About six years ago, I heard that a friend of a friend was working to start up a local roller derby league in Atlanta.
I was slightly incredulous, with only the images of 1970’s roller derby in my mind, which more closely resembled the theatricality of professional wrestling than legitimate sport.
Thankfully, I was wrong, and the league survived. Not only did it survive, it thrived as the Atlanta Rollergirls.
Nowadays, the matches at the Yaarab Shrine Center routinely sell out more than a week in advance, with tickets costing $15 a bout. Perhaps it was the ticket price or my own intimidation factor walking into a subculture I knew absolutely nothing about, but I never managed to make it to any of the Rollergirl matches.
That is until very recently, when a friend of mine was making her home debut as a member of the Toxic Shocks. Better late than never, I suppose.
The first thing you need to know is that there is no camp or kitsch. Skaters have pads at every joint, a helmet and a mouth guard and Lord knows they need them, because before the night is over, every single one of them is going to end up on the floor multiple times. There are no throwing elbows or cheap shots, either. This is real sport.
The play is deceptively simple. Each team has a group of blockers headed by a pivot, which is the lead blocker who maintains the pace for each team. Behind both teams’ blockers are two individual skaters, one for each time, called jammers.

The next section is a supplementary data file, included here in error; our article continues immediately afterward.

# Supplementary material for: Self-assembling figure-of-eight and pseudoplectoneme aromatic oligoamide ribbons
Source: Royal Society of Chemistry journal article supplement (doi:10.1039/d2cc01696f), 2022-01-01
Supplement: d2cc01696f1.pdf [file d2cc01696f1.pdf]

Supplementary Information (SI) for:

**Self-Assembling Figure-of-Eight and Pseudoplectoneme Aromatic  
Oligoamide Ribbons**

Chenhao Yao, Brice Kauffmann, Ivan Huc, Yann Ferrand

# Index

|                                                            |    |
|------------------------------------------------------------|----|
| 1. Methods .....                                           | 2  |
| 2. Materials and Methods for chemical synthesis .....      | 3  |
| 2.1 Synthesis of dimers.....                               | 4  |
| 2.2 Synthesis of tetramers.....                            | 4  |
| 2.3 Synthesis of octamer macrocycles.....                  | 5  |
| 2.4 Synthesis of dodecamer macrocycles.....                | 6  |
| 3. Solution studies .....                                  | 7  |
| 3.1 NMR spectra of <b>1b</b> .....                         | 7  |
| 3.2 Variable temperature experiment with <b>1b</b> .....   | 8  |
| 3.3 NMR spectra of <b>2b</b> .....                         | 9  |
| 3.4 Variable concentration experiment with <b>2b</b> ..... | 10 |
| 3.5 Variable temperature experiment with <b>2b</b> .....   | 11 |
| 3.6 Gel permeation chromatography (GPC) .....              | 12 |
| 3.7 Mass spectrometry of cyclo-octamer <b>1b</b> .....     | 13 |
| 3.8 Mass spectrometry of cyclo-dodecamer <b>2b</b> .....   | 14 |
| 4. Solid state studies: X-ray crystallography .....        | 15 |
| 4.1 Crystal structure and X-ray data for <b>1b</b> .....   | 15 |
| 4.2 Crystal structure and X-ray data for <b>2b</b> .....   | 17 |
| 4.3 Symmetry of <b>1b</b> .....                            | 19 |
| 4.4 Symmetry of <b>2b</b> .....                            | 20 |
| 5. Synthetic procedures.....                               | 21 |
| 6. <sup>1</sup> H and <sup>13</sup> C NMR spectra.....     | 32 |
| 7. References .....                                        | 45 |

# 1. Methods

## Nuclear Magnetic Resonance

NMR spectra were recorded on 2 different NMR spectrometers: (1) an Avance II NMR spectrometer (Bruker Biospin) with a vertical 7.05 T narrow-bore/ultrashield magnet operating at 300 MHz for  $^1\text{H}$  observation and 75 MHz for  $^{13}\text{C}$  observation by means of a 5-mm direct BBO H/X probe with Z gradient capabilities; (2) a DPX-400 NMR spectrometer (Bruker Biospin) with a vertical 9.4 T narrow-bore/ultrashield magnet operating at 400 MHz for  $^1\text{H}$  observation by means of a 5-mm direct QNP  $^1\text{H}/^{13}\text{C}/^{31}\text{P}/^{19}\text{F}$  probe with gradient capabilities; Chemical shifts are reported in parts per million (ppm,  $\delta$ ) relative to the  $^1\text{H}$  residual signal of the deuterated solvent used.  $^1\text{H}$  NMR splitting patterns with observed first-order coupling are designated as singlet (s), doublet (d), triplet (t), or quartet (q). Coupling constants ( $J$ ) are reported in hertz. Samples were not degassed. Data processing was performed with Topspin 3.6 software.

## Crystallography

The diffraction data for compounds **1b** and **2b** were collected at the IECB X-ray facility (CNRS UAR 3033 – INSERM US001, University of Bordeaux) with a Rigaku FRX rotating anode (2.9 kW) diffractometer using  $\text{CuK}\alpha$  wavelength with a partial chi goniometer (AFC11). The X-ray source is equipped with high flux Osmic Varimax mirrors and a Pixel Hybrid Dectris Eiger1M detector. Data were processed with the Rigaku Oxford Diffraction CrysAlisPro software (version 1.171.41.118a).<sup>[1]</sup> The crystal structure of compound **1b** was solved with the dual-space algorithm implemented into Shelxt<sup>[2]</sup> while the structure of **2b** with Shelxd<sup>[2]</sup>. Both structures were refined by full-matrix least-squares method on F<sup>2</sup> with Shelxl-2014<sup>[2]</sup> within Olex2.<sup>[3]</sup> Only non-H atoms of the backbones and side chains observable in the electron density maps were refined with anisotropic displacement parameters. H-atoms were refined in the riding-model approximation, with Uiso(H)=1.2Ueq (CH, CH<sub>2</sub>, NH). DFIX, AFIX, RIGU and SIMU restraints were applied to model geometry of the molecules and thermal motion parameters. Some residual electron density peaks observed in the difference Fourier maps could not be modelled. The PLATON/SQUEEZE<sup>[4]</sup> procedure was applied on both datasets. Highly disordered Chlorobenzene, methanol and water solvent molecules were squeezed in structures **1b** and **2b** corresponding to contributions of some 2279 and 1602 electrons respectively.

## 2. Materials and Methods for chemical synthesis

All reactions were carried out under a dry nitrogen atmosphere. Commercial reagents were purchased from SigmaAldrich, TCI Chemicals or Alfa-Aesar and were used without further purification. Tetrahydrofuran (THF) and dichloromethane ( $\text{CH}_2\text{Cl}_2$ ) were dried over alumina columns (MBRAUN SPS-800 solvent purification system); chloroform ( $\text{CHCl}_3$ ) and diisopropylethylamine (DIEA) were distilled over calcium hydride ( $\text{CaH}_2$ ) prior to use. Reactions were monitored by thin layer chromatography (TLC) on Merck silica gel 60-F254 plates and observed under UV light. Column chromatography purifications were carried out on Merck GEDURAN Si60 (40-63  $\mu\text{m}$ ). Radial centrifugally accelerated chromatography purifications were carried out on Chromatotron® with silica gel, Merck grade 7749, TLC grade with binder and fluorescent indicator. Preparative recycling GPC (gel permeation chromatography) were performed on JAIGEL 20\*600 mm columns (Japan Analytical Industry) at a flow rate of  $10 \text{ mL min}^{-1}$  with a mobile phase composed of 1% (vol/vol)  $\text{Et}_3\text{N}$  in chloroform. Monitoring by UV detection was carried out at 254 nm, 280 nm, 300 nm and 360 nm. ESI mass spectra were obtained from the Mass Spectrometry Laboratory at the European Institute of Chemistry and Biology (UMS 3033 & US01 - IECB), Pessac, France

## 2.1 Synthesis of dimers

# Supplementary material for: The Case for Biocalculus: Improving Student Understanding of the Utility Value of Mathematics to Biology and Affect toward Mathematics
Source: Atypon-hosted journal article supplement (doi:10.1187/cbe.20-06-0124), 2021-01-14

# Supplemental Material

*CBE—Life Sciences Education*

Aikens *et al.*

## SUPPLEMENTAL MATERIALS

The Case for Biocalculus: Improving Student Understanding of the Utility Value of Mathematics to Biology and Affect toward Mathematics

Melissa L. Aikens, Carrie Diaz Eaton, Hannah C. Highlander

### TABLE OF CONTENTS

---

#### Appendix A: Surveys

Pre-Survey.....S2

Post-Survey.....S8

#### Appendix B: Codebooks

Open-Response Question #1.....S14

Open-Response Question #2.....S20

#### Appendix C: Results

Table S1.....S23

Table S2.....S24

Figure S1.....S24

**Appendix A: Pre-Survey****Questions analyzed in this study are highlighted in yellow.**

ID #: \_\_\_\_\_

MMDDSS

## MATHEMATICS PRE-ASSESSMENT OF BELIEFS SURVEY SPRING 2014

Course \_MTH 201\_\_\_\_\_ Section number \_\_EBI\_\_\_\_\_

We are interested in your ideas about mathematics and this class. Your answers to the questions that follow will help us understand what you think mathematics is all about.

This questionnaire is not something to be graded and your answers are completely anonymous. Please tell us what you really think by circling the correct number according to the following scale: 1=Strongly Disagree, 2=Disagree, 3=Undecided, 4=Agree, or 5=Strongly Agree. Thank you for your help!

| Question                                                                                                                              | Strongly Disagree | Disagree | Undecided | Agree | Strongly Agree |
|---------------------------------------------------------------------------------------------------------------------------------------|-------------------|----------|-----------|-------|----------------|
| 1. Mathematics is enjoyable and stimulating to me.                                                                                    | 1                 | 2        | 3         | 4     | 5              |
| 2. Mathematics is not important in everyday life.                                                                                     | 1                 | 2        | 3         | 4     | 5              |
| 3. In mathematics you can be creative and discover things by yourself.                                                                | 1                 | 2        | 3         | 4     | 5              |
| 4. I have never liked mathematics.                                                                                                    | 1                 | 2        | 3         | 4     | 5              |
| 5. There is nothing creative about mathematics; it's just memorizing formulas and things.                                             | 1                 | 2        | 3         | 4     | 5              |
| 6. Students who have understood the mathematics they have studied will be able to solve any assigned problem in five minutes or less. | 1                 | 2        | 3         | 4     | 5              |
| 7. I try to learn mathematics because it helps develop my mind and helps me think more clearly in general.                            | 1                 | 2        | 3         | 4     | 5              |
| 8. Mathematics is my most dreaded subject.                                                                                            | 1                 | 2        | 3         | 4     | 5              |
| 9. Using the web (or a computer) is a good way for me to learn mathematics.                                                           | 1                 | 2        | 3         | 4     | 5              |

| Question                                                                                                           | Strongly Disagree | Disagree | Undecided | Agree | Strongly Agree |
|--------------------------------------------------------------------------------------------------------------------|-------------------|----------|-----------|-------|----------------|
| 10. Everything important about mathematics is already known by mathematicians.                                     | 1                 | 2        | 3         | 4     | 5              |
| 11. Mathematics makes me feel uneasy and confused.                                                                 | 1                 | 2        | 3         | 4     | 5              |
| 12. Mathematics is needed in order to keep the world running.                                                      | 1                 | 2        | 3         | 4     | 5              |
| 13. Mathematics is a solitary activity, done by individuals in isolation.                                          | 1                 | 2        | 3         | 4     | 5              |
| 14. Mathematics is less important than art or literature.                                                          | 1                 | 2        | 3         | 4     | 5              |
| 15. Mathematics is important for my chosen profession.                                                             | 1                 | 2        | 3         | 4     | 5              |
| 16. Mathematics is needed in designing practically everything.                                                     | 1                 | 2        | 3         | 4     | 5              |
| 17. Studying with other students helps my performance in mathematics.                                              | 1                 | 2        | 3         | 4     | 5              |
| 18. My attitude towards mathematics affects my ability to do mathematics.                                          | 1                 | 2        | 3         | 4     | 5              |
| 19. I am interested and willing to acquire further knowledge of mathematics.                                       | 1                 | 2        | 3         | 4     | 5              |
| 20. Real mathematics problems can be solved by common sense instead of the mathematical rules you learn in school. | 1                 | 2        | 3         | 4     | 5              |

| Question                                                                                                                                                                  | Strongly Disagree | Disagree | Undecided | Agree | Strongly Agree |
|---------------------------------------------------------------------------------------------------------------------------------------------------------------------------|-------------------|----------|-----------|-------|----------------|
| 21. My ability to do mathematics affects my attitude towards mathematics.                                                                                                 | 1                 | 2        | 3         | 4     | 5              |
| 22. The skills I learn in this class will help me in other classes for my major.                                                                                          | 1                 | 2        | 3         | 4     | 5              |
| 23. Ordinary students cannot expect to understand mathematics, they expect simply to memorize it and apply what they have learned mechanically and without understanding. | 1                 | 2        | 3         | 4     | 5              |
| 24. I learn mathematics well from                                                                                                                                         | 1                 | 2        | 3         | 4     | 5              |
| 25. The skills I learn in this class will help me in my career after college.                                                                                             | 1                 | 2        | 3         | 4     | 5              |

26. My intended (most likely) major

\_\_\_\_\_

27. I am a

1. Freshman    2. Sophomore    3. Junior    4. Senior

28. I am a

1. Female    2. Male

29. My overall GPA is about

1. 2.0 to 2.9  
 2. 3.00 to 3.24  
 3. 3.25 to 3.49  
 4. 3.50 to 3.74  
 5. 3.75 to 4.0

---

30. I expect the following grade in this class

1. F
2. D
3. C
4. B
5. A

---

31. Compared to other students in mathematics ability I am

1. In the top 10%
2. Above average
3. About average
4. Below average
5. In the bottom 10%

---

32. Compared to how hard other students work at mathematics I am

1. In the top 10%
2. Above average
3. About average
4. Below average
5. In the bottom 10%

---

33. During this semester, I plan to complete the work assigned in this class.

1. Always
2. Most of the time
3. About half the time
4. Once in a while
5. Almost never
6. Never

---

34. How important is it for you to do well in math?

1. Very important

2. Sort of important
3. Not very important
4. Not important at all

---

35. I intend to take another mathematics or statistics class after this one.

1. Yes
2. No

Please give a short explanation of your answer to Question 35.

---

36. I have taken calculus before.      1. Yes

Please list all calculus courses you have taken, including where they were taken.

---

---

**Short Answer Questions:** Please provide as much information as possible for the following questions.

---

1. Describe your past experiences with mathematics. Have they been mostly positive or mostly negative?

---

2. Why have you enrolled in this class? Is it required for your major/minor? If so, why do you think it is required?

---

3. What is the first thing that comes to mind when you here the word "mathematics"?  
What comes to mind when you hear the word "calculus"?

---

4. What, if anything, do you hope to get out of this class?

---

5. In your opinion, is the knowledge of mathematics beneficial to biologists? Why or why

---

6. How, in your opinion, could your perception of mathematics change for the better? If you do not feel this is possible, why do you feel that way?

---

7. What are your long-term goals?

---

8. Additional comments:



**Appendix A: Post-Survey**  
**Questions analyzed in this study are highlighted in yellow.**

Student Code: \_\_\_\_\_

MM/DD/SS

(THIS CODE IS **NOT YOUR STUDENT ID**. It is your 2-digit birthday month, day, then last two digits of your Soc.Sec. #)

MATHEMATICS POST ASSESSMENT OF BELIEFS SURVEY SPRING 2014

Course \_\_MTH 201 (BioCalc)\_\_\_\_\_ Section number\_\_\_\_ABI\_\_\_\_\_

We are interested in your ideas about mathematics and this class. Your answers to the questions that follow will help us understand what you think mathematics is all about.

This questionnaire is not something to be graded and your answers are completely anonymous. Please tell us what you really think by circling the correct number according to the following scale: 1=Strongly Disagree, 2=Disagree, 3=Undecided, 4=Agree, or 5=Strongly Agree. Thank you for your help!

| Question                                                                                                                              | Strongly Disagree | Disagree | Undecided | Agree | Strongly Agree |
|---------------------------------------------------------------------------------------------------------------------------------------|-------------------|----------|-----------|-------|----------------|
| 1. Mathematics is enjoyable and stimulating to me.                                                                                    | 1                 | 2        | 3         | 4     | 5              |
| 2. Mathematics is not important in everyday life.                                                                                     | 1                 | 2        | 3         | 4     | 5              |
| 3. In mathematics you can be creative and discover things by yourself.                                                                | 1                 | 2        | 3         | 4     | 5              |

The goal of the game is for the jammers to make their way through the pack before the other and lap as many of the opposing skaters as possible. For each skater passed, the jammer scores a point.
This goes on for waves called jams that last up to two minutes, which begin with two short whistles as the pack first advances, then the jammers.
The blockers on each team work simultaneously to aid their own jammers in passing through the pack while blocking the opposing team’s jammer. At any time, the lead jammer (which is designated by the jammer who makes it through the pack first) can call off the jam.
The whistle blows four times, the points are counted and then the teams set up to do this again and again for thirty minutes.
All the while, penalties are called for minor and major infractions such as cutting the track. As penalties accumulate the number of players changes, and as a result, so does the game.
The jammers switch roles, as do the pivots. Every jam is different, and the tide can change remarkably quickly.
If you have any notions that this will be some sort of tarted up sport, think again. These women could kick your ass.
Watch them go sprawling to the ground and then immediately get back up, ignoring the melon-sized bruise which is likely welling up. There is ridiculous make-up and theatricality, to be sure, but that all takes place before the game. The game itself is all business.
While the gameplay is serious, the atmosphere is probably the most inviting I’ve ever encountered at a sporting event.
This is no closed clique that sneers at you if you dare to walk in their hallowed halls. There are plenty of volunteers who want you to know how the game is played, and what the organization is all about.
It’s about as punk rock as an organization gets, down to the local vendors selling their wares in the courtyard outside, but without the punk rock elitism.
This is a stardom that is earned, through sweat, hard work and guts. The play is the thing here, with the Atlanta Rollergirls being currently ranked No. 2 in their region.
If you want to see a dizzying array of statistics about this sport, you can certainly find them on the web if you look. If your interest is piqued, the league championship is coming up in Sept.